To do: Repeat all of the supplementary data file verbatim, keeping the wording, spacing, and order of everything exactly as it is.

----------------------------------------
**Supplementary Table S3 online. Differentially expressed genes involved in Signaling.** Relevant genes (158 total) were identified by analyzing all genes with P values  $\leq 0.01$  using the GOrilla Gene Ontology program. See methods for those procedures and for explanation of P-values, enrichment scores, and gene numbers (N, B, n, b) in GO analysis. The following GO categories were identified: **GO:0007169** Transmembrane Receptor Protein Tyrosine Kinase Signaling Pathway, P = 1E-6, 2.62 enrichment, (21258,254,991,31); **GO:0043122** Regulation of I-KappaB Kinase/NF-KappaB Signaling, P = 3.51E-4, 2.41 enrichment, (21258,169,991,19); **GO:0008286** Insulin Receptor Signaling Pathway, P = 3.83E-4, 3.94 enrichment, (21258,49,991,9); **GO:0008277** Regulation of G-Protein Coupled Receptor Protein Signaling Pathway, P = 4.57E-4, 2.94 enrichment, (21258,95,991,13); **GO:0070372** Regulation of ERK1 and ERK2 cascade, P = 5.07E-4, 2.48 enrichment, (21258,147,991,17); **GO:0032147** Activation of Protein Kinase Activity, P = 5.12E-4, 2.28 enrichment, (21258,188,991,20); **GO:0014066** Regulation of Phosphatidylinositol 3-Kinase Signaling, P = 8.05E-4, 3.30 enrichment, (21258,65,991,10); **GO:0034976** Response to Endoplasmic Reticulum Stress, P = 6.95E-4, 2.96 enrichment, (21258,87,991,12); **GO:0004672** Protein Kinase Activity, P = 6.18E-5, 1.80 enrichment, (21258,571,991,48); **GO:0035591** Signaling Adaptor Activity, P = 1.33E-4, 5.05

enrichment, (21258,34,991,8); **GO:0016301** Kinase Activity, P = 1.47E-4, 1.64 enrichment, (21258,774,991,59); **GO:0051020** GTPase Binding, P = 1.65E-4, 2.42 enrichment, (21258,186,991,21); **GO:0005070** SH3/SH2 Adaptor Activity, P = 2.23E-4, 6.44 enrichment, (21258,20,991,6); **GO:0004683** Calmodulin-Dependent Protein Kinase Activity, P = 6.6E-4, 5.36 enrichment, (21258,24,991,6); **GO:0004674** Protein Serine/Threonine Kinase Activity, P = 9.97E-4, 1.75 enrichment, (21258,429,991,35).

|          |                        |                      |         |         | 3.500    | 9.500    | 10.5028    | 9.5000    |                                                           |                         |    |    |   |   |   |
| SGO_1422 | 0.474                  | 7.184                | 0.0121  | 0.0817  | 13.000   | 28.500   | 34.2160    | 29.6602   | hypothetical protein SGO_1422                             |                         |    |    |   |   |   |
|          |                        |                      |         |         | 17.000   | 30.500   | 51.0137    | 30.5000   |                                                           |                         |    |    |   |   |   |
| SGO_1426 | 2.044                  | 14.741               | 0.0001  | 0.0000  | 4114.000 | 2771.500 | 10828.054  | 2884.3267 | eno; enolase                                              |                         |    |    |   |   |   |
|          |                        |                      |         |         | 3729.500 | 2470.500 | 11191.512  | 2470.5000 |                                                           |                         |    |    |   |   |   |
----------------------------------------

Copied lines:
**Supplementary Table S3 online. Differentially expressed genes involved in Signaling.** Relevant genes (158 total) were identified by analyzing all genes with P values  $\leq 0.01$  using the GOrilla Gene Ontology program. See methods for those procedures and for explanation of P-values, enrichment scores, and gene numbers (N, B, n, b) in GO analysis. The following GO categories were identified: **GO:0007169** Transmembrane Receptor Protein Tyrosine Kinase Signaling Pathway, P = 1E-6, 2.62 enrichment, (21258,254,991,31); **GO:0043122** Regulation of I-KappaB Kinase/NF-KappaB Signaling, P = 3.51E-4, 2.41 enrichment, (21258,169,991,19); **GO:0008286** Insulin Receptor Signaling Pathway, P = 3.83E-4, 3.94 enrichment, (21258,49,991,9); **GO:0008277** Regulation of G-Protein Coupled Receptor Protein Signaling Pathway, P = 4.57E-4, 2.94 enrichment, (21258,95,991,13); **GO:0070372** Regulation of ERK1 and ERK2 cascade, P = 5.07E-4, 2.48 enrichment, (21258,147,991,17); **GO:0032147** Activation of Protein Kinase Activity, P = 5.12E-4, 2.28 enrichment, (21258,188,991,20); **GO:0014066** Regulation of Phosphatidylinositol 3-Kinase Signaling, P = 8.05E-4, 3.30 enrichment, (21258,65,991,10); **GO:0034976** Response to Endoplasmic Reticulum Stress, P = 6.95E-4, 2.96 enrichment, (21258,87,991,12); **GO:0004672** Protein Kinase Activity, P = 6.18E-5, 1.80 enrichment, (21258,571,991,48); **GO:0035591** Signaling Adaptor Activity, P = 1.33E-4, 5.05

enrichment, (21258,34,991,8); **GO:0016301** Kinase Activity, P = 1.47E-4, 1.64 enrichment, (21258,774,991,59); **GO:0051020** GTPase Binding, P = 1.65E-4, 2.42 enrichment, (21258,186,991,21); **GO:0005070** SH3/SH2 Adaptor Activity, P = 2.23E-4, 6.44 enrichment, (21258,20,991,6); **GO:0004683** Calmodulin-Dependent Protein Kinase Activity, P = 6.6E-4, 5.36 enrichment, (21258,24,991,6); **GO:0004674** Protein Serine/Threonine Kinase Activity, P = 9.97E-4, 1.75 enrichment, (21258,429,991,35).

|          |                        |                      |         |         | 3.500    | 9.500    | 10.5028    | 9.5000    |                                                           |                         |    |    |   |   |   |
| SGO_1422 | 0.474                  | 7.184                | 0.0121  | 0.0817  | 13.000   | 28.500   | 34.2160    | 29.6602   | hypothetical protein SGO_1422                             |                         |    |    |   |   |   |
|          |                        |                      |         |         | 17.000   | 30.500   | 51.0137    | 30.5000   |                                                           |                         |    |    |   |   |   |
| SGO_1426 | 2.044                  | 14.741               | 0.0001  | 0.0000  | 4114.000 | 2771.500 | 10828.054  | 2884.3267 | eno; enolase                                              |                         |    |    |   |   |   |
|          |                        |                      |         |         | 3729.500 | 2470.500 | 11191.512  | 2470.5000 |                                                           |                         |    |    |   |   |   |